Inadequate instream flows and sometimes the complete absence of water due to irrigation withdrawals have severely affected Columbia basin salmon. For example, within Idaho, inadequate instream flows and localized de-watering are significant problems in the Lemhi and Pahsimeroi rivers, the Salmon River mainstem, and several Salmon River tributaries.
Other significant Snake River tributaries include the Grande Ronde River in Oregon and the Tucannon River in Washington. In the Grande Ronde, except during spring run-off, water appropriations exceed average flow in all major streams of the basin. Studies have shown that salmonid production is directly related to the level of summer and fall flows in juvenile rearing streams. Although water rights for minimum stream flows for fish have been set at various locations in the Grande Ronde, the priority dates for these rights are too recent to provide any real protection for fish. Inadequate instream flows are also a significant constraint on fish habitat productivity in the Tucannon River basin. Other important Washington rivers in the Columbia basin where instream flows do not meet the needs of fish include the Methow and Okanogan, the Entiat, the Wenatchee, and the Yakima. Within Oregon, important rivers accessible to salmon where habitat productivity is significantly impaired by inadequate instream flows include the John Day and Umatilla.
Stream withdrawals for irrigation are not the only land use activities that adversely affect instream flows. Not surprisingly, groundwater pumping often reduces summer low flows (Rhodes et al. 1994). In addition, cattle grazing increases spring peak flows, while decreasing summer low flows. Cattle grazing decreases low flows by de-watering wet meadows by incised channels, increased overland flow due to compacted soils and reduced water storage in compacted soils (Rhodes et al. 1994). In general, mining, road construction, grazing, and tractor logging in wetlands disrupt wetland functions and reduce contributions to summer low flows (Rhodes et al. 1994).
Fish populations evolved, flourished, and provided large harvestable surpluses in watersheds with natural riparian areas and hydrologic regimes, including periodic flood events. Instream flows in the late summer were often fed by groundwater inputs, wetlands, and vegetated uncompacted riparian areas.
Establishment of instream flows and protection of riparian vegetation, wetland preservation, and prevention of soil compaction would provide sufficient water to maintain fish habitat for adult and juvenile passage, spawning, rearing, and maintain channel structure and riparian areas necessary for fish habitat to persist over time.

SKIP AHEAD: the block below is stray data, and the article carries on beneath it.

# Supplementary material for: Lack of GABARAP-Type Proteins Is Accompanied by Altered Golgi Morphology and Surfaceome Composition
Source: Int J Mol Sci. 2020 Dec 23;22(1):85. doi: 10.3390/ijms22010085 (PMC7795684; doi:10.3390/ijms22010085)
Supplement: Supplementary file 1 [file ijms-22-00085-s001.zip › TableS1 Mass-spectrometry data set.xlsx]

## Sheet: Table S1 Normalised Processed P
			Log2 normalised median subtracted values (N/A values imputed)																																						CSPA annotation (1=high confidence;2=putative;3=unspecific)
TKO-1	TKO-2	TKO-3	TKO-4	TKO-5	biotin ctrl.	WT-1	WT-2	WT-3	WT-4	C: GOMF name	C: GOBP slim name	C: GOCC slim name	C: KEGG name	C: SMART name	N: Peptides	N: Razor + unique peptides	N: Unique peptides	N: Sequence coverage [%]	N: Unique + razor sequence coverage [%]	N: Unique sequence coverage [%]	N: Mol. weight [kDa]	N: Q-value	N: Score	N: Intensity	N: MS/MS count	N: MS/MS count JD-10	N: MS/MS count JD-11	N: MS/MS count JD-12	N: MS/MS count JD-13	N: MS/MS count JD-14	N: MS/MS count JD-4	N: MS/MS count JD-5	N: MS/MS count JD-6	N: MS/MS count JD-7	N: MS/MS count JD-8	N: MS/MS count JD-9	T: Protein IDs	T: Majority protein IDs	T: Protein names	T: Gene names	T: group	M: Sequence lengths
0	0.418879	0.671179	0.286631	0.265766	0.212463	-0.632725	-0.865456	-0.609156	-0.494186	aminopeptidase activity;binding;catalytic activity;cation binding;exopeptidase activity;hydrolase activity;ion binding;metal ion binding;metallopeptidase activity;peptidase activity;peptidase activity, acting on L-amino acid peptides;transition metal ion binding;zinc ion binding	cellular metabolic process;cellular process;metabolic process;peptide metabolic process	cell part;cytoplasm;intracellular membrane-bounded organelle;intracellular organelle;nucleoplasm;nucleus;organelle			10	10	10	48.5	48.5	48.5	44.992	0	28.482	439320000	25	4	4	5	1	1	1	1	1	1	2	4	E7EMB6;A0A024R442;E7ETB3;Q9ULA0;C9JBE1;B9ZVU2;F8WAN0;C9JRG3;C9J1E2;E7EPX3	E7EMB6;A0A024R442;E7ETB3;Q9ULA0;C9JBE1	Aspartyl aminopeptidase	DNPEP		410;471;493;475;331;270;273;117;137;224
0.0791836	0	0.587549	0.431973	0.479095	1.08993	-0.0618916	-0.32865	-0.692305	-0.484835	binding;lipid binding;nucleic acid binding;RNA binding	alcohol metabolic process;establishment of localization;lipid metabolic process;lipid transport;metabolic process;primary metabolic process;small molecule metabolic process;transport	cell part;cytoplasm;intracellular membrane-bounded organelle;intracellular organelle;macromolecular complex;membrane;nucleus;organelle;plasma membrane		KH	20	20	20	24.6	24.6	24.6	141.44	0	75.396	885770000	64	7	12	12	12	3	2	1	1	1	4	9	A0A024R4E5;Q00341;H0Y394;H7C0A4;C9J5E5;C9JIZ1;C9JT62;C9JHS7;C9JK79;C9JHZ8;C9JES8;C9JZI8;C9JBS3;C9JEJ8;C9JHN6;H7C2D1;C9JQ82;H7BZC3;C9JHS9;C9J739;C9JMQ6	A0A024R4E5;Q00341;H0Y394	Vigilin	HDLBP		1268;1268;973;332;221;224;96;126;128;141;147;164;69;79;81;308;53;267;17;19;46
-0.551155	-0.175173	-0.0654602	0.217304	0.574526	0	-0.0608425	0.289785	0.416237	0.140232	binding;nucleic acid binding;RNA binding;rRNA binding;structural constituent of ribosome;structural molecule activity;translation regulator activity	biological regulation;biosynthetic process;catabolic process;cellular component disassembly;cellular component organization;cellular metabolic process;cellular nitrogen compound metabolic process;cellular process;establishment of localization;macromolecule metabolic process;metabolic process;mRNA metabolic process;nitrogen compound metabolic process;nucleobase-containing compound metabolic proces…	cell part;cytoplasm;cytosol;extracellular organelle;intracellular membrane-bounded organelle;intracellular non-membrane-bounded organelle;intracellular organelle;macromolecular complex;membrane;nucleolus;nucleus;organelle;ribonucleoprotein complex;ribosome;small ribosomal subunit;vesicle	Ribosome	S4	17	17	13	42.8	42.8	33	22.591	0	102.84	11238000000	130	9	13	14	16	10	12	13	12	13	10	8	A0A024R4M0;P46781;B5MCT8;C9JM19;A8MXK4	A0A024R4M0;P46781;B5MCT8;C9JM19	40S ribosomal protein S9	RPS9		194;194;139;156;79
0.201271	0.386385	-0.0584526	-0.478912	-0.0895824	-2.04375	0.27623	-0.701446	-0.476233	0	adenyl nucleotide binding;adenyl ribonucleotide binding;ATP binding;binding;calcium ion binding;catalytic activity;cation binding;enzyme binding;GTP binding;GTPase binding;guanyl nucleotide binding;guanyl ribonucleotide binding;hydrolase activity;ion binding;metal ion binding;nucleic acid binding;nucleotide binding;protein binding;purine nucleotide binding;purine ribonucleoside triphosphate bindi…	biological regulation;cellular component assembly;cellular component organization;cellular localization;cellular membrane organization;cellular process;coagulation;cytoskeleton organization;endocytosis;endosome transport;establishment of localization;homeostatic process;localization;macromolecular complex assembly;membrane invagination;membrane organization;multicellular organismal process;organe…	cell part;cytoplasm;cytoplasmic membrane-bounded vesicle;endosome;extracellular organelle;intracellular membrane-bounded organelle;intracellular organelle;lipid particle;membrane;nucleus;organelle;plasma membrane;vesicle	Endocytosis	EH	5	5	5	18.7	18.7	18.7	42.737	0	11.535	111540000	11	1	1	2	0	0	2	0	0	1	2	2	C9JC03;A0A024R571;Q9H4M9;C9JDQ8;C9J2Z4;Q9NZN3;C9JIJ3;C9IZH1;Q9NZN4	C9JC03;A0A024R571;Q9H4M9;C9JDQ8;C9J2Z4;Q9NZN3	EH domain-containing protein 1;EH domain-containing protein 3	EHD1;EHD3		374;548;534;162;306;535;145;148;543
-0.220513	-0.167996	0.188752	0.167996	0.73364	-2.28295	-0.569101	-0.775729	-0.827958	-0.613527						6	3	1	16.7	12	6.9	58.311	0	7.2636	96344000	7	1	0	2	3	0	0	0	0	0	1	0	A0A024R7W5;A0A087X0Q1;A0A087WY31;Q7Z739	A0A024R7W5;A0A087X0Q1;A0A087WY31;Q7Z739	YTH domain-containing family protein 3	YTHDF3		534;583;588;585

- Mandate utilization of most efficient irrigation methods.
- Halt any additional consumptive withdrawal of water from salmon subbasins until adequate instream flows and tribal instream flow reserved water rights are protected.
- Assure that no consumptive uses are occurring in excess of the amount permitted.
- Meter groundwater and surface water withdrawals.
- Halt any further impairments of wetlands.
- Prevent additional soil compaction.
- Prevent removal of riparian vegetation.
- Prohibit activities that would contribute to the creation or maintenance of peak flows earlier or greater than those that would occur naturally.
- Establish instream flows designed to provide the full range of habitat conditions needed to provide healthy, naturally reproducing salmon populations.
- Identify, through negotiation or adjudication, instream flow water rights reserved by tribes’ treaties.
- Implement actions to create wetlands, e.g., re-introduction of beavers.
- Implement actions needed to promote re-vegetation of riparian areas and de-compaction of soils where recovery is not occurring naturally.
- If necessary, initiate land management designed to return a watershed to a natural hydrologic regime, e.g., re-vegetation of areas adversely affected by past land-disturbing activities.
Short-term: Halt the ongoing incremental losses of instream flows due to consumptive use or from land management activities that adversely affect natural watershed water storage and release processes.
Long-term: Gradual improvements in the level of tributary instream flows. Increased spawning success and improved egg-to-smolt survival. As natural watershed processes are restored, more water will be available for instream and consumptive use year-round. Increased water use efficiency by existing consumptive users will, in some cases, result in greater water availability for additional consumptive uses.
Federal and state water managers are called upon to enforce existing water rights, implement moratoria on all additional withdrawals of water, meter water withdrawals.
Federal and state water managers must identify and assure implementation of best available water conservation methods.
Federal and state land managers must implement watershed protection measures to protect and improve natural watershed water storage processes. These efforts should be coordinated with federal and state water managers.
Federal and state water managers, along with federal, state and tribal fish managers must establish instream flows adequate to sustain healthy naturally reproducing salmon populations.